One of the powerhouses of Japan’s tuning world has passed. It was announced yesterday that Junichi Tanaka, founder of Jun Auto Mechanic, died the morning of March 5, 2019 due to complications from cancer. He was 76 years old. The firm was one of Japan’s most prolific tuning houses, the proof of which were the numerous world speed records held by the bright yellow cars that emerged from its walls.
Junichi Tanaka was born into a family of metal-smiths. The family-owned Tanaka Industrial Co. was founded when Junichi was just three years old. Among the firm’s first products were engineering instruments and industrial confectionery machines for the making of candy. By 1955, the company had begun manufacturing two-stroke engine and body parts for motorcycles. A decade later, the firm began to make engine and body parts for automobiles as well.
It wasn’t until March of 1980 that Junichi Tanaka founded Jun Machine Shop, a division of Tanaka Industrial dedicated to the development of aftermarket parts and race cars, and located in the Nerima Ward of Tokyo. Two years later, Jun’s first product, a 3.5-liter stroker kit for the Nissan L-series inline-six, went on sale. To showcase the engine, Jun also built an S30 Fairlady Z drag car to go along with it, his love for straight-line power evident early on.
In 1985, as the Turbo Era was getting under way, Jun developed a twin-turbo kit for the L-series, good for 500PS when paired with his 3.4-liter stroker kit. The shop’s demo car, an S130 Z, was said to be capable of a 13.53-second 400-meter (0.249-mile) dash.
In June of that year, Tanaka also founded Jun Auto Works, a body fabrication and paint shop. With this new division, he was able to greatly expand his capabilities, taking his race cars to the next level by building custom composite bodies for them. As a result, Jun was able to take on a truly unique challenge — setting land speed records at the Bonneville Salt Flats.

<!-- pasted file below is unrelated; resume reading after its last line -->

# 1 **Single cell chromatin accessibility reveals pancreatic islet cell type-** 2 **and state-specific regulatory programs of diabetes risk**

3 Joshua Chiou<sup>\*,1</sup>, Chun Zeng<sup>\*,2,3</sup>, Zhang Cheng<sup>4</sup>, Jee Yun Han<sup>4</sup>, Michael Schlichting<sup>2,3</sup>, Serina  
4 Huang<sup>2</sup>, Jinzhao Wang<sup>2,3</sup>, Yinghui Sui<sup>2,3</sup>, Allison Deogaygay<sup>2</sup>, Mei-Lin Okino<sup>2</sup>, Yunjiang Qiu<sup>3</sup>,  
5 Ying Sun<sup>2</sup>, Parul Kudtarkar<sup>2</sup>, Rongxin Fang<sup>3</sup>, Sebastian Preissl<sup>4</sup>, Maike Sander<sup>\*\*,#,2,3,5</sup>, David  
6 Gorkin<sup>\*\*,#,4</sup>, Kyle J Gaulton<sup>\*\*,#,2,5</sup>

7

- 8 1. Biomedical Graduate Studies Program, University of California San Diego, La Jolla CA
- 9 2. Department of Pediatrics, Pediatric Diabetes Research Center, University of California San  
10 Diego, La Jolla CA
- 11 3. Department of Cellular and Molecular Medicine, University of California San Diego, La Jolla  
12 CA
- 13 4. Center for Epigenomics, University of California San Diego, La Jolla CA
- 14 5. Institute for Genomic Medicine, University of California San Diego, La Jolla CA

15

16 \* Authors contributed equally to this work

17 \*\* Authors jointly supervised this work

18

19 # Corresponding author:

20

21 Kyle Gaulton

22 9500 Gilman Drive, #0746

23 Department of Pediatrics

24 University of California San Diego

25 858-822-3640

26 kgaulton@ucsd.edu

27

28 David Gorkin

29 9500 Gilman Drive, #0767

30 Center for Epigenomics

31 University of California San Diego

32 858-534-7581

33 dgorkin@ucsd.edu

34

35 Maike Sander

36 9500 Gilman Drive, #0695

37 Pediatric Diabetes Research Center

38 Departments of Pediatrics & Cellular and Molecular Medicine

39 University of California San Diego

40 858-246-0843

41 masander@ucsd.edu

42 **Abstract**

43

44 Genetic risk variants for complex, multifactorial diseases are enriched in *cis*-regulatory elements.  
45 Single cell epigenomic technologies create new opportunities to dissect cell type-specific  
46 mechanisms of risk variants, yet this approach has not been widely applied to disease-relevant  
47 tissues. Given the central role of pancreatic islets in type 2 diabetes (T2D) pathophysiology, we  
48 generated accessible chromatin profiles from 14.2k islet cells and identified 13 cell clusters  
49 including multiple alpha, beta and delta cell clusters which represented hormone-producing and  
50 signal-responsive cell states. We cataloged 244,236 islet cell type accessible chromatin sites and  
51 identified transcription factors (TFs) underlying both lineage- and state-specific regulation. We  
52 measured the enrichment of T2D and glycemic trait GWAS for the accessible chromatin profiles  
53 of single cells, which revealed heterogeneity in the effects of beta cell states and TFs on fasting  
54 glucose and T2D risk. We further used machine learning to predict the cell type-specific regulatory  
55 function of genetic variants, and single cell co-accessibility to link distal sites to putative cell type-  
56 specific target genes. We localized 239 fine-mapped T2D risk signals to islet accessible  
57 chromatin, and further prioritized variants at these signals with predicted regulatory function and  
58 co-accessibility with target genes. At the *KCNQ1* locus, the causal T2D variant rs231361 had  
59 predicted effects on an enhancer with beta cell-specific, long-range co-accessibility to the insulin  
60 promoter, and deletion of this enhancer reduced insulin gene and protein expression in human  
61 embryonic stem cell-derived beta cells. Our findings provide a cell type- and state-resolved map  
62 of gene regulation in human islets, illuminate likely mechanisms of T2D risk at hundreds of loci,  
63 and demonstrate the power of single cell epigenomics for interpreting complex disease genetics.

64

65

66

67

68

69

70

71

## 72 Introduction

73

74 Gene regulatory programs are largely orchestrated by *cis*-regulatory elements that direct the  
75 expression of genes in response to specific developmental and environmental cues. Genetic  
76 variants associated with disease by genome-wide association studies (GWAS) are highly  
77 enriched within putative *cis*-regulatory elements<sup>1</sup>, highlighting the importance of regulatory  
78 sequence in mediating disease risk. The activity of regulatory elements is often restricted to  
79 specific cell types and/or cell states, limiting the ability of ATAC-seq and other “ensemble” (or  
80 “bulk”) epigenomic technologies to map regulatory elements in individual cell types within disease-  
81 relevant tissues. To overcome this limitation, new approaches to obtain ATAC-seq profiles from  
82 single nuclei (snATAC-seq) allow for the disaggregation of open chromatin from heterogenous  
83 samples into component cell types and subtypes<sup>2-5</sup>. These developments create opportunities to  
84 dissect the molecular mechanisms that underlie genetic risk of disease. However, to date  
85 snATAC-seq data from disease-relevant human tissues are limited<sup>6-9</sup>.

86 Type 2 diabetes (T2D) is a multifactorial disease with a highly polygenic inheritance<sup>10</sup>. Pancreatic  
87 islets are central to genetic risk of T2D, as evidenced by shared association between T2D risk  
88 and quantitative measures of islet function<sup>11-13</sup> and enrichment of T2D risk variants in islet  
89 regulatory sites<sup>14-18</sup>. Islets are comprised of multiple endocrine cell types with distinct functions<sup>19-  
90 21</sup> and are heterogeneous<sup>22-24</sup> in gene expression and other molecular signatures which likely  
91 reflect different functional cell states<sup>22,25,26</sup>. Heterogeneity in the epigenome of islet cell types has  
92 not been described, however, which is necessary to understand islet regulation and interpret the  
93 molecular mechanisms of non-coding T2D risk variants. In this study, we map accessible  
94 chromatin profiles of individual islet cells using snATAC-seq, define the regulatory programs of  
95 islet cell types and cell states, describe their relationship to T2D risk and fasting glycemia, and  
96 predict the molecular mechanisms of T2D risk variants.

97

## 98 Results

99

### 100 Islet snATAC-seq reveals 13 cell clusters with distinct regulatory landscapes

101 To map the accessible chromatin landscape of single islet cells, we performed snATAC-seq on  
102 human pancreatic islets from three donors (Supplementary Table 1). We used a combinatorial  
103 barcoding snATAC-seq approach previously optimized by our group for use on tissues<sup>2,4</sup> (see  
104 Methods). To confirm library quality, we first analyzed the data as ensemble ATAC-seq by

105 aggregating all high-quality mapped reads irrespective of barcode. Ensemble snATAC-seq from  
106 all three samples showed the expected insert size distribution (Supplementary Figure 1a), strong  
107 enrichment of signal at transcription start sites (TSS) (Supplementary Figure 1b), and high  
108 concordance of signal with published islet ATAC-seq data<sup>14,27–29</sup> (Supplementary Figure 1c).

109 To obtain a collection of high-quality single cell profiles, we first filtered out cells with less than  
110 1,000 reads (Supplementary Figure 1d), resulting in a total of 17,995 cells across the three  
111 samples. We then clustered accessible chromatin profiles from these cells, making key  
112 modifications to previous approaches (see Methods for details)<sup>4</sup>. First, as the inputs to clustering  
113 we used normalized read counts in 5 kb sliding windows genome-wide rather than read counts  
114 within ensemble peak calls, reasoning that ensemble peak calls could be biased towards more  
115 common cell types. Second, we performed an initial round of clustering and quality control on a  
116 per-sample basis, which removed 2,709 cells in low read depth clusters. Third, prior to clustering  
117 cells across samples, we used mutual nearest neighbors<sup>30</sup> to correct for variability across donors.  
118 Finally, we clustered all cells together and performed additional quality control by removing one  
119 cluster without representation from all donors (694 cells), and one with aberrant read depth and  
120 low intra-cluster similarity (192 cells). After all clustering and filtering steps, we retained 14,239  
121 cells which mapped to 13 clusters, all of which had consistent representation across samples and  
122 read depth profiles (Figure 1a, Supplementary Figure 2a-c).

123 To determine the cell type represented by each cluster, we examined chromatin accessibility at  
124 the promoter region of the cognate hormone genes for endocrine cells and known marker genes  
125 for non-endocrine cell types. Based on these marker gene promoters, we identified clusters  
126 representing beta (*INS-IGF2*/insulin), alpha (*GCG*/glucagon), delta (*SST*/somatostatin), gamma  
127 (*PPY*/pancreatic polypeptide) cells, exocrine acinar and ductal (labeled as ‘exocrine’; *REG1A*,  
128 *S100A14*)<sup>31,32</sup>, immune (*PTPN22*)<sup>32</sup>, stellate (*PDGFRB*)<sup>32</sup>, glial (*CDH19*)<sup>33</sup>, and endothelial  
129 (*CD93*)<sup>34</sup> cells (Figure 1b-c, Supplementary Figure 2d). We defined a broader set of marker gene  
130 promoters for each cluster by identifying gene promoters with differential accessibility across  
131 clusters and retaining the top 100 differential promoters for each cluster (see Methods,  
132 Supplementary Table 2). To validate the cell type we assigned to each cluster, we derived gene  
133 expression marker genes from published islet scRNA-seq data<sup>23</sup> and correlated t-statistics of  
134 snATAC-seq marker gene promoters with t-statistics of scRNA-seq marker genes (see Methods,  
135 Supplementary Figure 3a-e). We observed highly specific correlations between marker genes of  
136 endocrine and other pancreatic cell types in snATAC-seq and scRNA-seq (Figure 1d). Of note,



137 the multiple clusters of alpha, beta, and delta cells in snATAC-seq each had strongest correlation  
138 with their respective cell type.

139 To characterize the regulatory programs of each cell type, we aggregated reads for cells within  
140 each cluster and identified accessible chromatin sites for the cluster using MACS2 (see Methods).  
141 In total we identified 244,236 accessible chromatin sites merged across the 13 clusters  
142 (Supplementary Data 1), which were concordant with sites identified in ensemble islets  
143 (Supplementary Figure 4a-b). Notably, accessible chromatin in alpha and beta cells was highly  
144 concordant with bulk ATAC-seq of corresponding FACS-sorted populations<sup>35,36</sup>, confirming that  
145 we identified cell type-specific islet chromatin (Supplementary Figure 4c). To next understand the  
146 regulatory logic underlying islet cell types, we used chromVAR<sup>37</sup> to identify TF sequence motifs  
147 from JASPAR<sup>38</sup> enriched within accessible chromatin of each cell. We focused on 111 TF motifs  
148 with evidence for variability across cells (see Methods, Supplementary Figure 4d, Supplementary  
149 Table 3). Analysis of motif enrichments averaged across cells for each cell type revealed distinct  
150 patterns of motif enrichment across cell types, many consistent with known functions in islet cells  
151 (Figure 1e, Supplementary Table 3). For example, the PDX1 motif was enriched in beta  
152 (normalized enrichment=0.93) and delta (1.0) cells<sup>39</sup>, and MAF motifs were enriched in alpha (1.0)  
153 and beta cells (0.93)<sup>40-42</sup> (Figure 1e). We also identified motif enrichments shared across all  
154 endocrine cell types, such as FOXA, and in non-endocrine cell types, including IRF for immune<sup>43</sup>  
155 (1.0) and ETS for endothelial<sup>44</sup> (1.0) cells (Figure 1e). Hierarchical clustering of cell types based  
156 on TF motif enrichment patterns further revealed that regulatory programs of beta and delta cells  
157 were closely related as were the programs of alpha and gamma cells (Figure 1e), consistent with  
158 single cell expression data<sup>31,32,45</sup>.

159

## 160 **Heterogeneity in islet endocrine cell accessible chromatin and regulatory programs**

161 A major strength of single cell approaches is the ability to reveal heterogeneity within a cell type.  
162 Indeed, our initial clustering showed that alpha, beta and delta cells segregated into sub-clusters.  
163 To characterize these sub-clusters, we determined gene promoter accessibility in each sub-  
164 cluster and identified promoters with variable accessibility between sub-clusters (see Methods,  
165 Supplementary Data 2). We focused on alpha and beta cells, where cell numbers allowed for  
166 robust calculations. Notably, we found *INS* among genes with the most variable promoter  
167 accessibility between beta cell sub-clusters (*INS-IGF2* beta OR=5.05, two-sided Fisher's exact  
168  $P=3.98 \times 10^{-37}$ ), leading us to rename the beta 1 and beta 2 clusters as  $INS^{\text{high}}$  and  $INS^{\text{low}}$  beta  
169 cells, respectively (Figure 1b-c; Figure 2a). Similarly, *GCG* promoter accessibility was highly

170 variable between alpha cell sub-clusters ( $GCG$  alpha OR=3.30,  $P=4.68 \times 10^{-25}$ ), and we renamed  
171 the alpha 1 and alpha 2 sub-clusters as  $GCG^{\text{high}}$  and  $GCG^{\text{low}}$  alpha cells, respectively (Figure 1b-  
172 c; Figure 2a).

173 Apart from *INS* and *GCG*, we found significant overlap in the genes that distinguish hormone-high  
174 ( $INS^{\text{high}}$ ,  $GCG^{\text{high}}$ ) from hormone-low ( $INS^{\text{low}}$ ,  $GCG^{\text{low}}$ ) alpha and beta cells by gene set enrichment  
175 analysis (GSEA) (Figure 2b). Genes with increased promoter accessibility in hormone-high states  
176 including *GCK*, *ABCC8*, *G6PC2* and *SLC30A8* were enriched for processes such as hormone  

Armed with a modified Z32 Fairlady Z in 1990, Jun’s team came to America and blazed a 367.416 kph (228.30 mph) across Utah’s ancient lake beds. Remember, Japan had no similar landscape, and the feat was considered a tremendous accomplishment back home.
The following year, Tanaka established Jun Auto Mechanic to unite the divisions under one umbrella to make a one-stop tuning shop that could convert any street car in to a four-digit horsepower monster. Then Jun returned to Bonneville with an even more heavily modified Z32 built in conjunction with fellow Japanese tuner Blitz. This car, wearing a custom aerodynamic nose, laid down a stunning 419.84 kph (260.88 mph) run for an E/BMS class world record.
In 1993, Jun and Blitz came across the Pacific once again, this time to El Mirage with an R32 Skyline GT-R, and set a world record in the E/BGCC class with a 313.2 kph (194.6 mph) run. With the Tuner Era in full swing and crossing over to the US, Jun’s exploits were covered heavily by media in both Japan and the West, catapulting Tanaka’s firm to legendary status.